In 1987 when I was 22 years old, I was diagnosed with schizophrenia. Scared and alone, I had no role models to guide me. Hospitalized and given pills, I was sent out into the world to find my way without a map.
In June 2000, I obtained a Master’s in Library and Information Science. That July, I started my job as a professional librarian in a modern public library. Since then, for over 12 years, I’ve had a niche helping customers create resumes and conduct job searches. I’m a cheerleader for finding the job that is the right fit.
The point is not that everyone should be able to do what I’ve done. The idea is that finding the job you love can help you recover. Volunteer work is also a worthy endeavor. Whether your job is paid employment or a labor of love, the long-standing question arises: Should you disclose your diagnosis or keep it private?
Here are three fresh takes for disclosing or not disclosing.
Three drawbacks to revealing your mental health history:
#1 People may play the medication card.
When you appear to be out of sorts, co-workers may ask: “Did you take your medication today?” You could be having a hard time because your father has cancer, or you’re facing a skyrocketing rent increase.
#2 The information might not be kept confidential.
What you tell one co-worker could become common knowledge. For example, the person who had a co-worker talk about her medical issue to another co-worker in a public area near customers: strangers were privy to the details.
#3 Corporate America is not kind to “beautiful dreamers.”
The rest of the world hasn’t caught up with those of us who live, act, and think outside the narrow boxes we’re expected to fit in. When your employer conducts business in a paint-by-numbers way, it can be sketchy to disclose.
Even today, many companies haven’t gotten the memo that companies that hire individuals with disabilities have 28 percent higher revenue, double the net income, and 30 percent higher profit margins on average over a 4-year period (per a 2018 Accenture study).
I recommend “thinking outside the cubicle” when you pursue job options.
Three benefits to being open and honest:
#1 Lowering the emotional cost of living in hiding.
Just as gay people did not want to live in the closet for the rest of their lives, pretending to be straight, only Silence is Shame, as the saying goes.
The expression “covering” was coined to describe hiding your identity. Whatever you are closeted in and whatever kind of invisible disability you have, there’s an emotional burden in maintaining the effort required to deny the truth indefinitely.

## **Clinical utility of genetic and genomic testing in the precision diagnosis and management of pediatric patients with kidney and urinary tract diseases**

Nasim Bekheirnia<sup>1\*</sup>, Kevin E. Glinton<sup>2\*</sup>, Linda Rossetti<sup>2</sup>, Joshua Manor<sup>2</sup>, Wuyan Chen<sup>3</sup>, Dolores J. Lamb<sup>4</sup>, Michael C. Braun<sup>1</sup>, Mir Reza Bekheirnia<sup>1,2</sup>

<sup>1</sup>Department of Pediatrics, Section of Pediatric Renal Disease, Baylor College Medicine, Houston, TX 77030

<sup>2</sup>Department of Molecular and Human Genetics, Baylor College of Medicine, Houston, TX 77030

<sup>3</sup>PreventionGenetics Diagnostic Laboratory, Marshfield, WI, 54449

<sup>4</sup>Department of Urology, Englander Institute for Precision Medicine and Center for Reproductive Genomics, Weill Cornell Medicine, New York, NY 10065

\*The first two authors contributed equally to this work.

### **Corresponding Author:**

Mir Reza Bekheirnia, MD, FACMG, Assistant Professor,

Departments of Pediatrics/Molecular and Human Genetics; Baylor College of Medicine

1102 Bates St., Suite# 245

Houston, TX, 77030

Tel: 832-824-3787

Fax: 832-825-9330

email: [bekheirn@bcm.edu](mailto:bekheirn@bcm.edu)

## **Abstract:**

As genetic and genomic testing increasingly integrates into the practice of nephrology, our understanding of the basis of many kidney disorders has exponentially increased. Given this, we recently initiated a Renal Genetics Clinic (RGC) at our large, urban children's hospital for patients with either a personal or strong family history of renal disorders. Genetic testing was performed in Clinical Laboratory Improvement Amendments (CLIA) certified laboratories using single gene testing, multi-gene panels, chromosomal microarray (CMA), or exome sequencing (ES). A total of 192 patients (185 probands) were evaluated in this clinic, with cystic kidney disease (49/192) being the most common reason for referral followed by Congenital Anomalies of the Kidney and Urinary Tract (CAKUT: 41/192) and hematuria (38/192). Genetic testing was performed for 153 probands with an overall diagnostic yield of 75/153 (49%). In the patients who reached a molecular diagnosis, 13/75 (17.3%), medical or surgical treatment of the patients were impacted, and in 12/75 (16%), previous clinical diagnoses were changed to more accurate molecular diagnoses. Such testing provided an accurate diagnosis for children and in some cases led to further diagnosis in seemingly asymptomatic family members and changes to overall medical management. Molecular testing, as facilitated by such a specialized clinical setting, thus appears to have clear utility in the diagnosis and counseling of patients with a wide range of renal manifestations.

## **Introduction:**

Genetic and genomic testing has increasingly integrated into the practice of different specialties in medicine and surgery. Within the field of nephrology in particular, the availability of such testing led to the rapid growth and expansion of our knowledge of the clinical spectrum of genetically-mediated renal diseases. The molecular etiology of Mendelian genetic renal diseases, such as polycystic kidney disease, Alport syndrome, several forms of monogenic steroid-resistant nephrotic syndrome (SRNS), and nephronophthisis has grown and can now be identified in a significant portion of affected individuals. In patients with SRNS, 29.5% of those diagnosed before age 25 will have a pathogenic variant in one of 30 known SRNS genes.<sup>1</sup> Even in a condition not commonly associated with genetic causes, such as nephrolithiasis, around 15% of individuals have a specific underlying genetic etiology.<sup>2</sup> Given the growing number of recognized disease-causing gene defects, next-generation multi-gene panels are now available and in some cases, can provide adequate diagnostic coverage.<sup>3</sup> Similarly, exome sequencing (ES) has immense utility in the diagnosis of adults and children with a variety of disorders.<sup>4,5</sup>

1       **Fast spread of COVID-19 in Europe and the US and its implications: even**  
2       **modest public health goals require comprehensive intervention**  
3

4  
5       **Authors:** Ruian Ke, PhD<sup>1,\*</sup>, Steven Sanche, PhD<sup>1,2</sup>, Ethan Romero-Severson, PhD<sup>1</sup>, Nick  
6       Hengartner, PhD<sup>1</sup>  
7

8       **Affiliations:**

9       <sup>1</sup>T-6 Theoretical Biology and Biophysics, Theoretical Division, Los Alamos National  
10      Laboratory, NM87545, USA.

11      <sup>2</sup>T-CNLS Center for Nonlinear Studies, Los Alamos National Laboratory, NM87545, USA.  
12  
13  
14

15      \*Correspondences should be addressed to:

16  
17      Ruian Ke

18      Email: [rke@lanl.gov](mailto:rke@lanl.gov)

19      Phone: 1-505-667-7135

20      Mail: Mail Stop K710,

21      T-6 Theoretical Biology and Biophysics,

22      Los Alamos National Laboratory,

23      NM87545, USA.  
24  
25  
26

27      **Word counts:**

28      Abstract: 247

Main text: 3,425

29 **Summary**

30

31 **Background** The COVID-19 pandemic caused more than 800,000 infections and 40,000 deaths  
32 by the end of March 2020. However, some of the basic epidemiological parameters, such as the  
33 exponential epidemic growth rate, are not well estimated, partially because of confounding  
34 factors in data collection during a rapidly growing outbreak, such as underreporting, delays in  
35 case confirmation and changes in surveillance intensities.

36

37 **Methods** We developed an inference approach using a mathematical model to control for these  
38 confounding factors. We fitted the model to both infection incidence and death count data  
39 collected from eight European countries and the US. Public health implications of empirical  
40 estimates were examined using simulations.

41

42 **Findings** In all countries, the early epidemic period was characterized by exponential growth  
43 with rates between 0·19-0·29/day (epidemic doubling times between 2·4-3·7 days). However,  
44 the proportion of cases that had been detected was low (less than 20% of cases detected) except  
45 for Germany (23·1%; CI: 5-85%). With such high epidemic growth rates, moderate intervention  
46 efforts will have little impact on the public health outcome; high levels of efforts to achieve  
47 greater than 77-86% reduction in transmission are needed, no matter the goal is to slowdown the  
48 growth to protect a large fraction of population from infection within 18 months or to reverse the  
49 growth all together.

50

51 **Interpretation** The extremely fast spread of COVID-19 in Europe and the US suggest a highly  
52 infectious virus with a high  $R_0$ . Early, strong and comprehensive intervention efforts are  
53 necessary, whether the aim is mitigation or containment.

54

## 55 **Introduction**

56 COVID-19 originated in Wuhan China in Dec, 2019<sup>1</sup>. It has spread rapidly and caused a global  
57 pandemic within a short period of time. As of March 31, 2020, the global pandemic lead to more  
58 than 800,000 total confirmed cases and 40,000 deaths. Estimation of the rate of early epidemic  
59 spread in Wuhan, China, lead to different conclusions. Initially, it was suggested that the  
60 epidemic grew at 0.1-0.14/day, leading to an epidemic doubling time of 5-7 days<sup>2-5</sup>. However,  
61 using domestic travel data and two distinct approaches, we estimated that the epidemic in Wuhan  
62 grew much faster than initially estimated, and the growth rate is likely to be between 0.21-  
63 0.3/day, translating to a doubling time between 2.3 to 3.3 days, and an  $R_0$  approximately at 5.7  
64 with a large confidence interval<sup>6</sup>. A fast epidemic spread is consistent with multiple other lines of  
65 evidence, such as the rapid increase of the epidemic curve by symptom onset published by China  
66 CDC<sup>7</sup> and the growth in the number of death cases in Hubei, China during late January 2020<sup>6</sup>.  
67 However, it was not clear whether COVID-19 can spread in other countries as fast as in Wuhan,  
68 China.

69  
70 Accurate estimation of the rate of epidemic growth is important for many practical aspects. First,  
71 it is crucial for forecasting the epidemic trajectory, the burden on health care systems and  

#2 Acting as an example to peers.
What people can’t see, they can’t be. Disclosure is often a political act or an act of altruism—you’re showing others what is possible.
The truth about my recovery is out there in my memoir, Left of the Dial, on my author website, and in my three blogs. I tell stories about my life to educate, empower, and entertain readers, audiences, and blog followers.
To remember is to understand. I remember what it was like to be 22 and told recovery wasn’t possible.
#3 Kicking narrow-mindedness to the curb.
Nothing will change if no one comes forward. Stigma is real. The way to overcome its effect is to tell the truth. By remaining silent, we perpetuate stigma.
My motivation for telling the truth:
It might be because I’m Sicilian that I’m stubborn and have persisted. As a mental health advocate for over twenty years, I’m committed to advancing my vision of Recovery for Everyone in two ways: from whatever illness or trauma affects people’s lives and in whatever guise recovery comes to them.
Today more than ever, all people living on this planet need to be given hope for healing—Hope for healing from mental and physical illnesses, from racism, from microaggressions, from addiction, human trafficking, endless wars, and whatever else is going on.
It’s 2022. Recovery is within reach.
My greatest wish is that those of you reading this are encouraged to live the life that is calling out to you. What is your dream? Finding what gives you joy and going and doing that can give your life purpose and meaning, inoculating you from shame.
The choice is yours whether or not you disclose and where, when, and to whom. Regardless of how others respond, you will do okay in the end.
Stand in the light of your truth and be proud either way. Shine on because simply by being yourself, you make the world a better place.
Want to read Working Assets: A Career Guide for Peers Finding and Succeeding at a Job Living with a Mental Illness? Check out the link above!
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About the Author: Christina Bruni’s new book is Working Assets: A Career Guide for Peers Finding and Succeeding at a Job Living with a Mental Illness. You can visit her at www.christinabruni.com.
The opinions and views expressed in any guest blog post do not necessarily reflect those of www.rtor.org or its sponsor, Laurel House, Inc. Guest Authors may have affiliations to products mentioned or linked to in their author bios.
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